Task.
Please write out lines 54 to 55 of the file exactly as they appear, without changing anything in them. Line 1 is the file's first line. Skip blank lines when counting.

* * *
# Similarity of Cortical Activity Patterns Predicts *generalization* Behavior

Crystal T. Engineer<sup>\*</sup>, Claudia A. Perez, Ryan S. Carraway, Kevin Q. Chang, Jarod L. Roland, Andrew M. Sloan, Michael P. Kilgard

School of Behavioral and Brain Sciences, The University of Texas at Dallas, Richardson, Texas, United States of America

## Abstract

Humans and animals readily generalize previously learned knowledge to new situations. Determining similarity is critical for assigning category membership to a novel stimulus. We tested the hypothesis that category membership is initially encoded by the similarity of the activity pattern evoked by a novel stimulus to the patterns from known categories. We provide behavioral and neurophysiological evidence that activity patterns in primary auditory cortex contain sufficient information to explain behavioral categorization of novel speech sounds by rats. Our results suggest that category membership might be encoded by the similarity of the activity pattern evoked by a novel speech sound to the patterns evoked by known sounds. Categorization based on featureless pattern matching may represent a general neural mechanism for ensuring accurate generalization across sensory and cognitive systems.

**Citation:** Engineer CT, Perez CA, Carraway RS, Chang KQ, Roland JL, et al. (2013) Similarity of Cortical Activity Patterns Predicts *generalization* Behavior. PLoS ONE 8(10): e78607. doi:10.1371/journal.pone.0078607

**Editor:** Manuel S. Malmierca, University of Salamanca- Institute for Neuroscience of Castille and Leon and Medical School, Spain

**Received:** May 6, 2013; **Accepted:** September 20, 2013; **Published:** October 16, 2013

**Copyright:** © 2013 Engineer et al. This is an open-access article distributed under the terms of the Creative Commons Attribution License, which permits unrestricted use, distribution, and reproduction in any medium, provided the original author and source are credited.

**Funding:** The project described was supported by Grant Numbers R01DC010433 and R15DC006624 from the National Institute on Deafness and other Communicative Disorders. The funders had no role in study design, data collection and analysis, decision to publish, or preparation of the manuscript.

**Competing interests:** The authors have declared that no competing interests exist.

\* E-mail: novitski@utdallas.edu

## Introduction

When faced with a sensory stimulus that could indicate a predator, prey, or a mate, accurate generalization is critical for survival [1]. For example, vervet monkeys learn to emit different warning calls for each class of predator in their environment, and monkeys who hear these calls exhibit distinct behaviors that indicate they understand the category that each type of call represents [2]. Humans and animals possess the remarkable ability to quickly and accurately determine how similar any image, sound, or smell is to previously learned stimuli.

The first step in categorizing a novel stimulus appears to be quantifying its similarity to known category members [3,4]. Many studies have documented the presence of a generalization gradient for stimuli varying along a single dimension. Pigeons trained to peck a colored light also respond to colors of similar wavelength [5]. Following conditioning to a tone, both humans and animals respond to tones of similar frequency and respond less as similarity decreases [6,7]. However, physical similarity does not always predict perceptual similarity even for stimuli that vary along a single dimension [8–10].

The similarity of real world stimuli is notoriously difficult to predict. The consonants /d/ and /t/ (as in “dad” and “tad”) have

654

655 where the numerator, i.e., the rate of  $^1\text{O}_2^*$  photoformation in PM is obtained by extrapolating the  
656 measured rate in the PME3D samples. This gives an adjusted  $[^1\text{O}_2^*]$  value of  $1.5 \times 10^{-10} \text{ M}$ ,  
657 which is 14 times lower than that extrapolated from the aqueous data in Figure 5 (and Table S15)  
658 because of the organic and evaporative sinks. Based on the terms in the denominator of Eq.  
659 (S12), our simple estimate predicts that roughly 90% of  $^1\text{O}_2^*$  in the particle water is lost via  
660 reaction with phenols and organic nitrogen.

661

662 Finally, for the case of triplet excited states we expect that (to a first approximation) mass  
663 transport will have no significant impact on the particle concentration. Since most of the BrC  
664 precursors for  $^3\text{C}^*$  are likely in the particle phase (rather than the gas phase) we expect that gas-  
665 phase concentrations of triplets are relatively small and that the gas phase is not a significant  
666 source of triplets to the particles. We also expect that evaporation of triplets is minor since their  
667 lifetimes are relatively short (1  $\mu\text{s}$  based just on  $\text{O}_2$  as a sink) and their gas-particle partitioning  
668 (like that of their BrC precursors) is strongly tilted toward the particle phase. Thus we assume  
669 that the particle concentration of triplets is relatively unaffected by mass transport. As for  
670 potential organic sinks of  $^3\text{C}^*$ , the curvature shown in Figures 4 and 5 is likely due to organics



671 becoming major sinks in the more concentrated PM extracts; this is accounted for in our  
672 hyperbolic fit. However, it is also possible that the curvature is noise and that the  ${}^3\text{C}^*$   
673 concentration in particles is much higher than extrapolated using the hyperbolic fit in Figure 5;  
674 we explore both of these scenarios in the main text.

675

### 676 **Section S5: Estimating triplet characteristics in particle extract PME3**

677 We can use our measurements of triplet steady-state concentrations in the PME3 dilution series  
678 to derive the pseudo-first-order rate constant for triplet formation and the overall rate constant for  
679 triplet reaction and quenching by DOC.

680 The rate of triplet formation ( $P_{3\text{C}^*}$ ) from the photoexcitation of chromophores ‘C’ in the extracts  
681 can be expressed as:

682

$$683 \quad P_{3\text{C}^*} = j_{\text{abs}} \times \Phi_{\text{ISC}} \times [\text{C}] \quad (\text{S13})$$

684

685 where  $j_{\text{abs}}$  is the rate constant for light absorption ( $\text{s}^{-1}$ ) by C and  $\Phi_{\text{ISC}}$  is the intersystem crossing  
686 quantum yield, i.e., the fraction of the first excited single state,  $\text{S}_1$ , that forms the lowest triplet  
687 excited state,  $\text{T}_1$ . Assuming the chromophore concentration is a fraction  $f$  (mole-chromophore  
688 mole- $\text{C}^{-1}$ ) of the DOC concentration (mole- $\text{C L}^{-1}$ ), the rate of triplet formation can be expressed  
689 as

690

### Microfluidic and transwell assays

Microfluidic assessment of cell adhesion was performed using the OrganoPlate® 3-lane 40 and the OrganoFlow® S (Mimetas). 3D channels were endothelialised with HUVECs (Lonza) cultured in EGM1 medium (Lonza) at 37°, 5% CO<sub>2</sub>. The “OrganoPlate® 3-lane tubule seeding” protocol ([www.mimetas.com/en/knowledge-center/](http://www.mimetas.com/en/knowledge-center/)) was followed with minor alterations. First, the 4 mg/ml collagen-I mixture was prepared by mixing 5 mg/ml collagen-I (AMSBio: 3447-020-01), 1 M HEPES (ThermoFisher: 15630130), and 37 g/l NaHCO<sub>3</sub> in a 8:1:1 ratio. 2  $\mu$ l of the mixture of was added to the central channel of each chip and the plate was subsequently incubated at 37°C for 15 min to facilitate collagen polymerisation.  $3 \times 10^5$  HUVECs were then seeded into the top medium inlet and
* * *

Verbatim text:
### Microfluidic and transwell assays

Microfluidic assessment of cell adhesion was performed using the OrganoPlate® 3-lane 40 and the OrganoFlow® S (Mimetas). 3D channels were endothelialised with HUVECs (Lonza) cultured in EGM1 medium (Lonza) at 37°, 5% CO<sub>2</sub>. The “OrganoPlate® 3-lane tubule seeding” protocol ([www.mimetas.com/en/knowledge-center/](http://www.mimetas.com/en/knowledge-center/)) was followed with minor alterations. First, the 4 mg/ml collagen-I mixture was prepared by mixing 5 mg/ml collagen-I (AMSBio: 3447-020-01), 1 M HEPES (ThermoFisher: 15630130), and 37 g/l NaHCO<sub>3</sub> in a 8:1:1 ratio. 2  $\mu$ l of the mixture of was added to the central channel of each chip and the plate was subsequently incubated at 37°C for 15 min to facilitate collagen polymerisation.  $3 \times 10^5$  HUVECs were then seeded into the top medium inlet and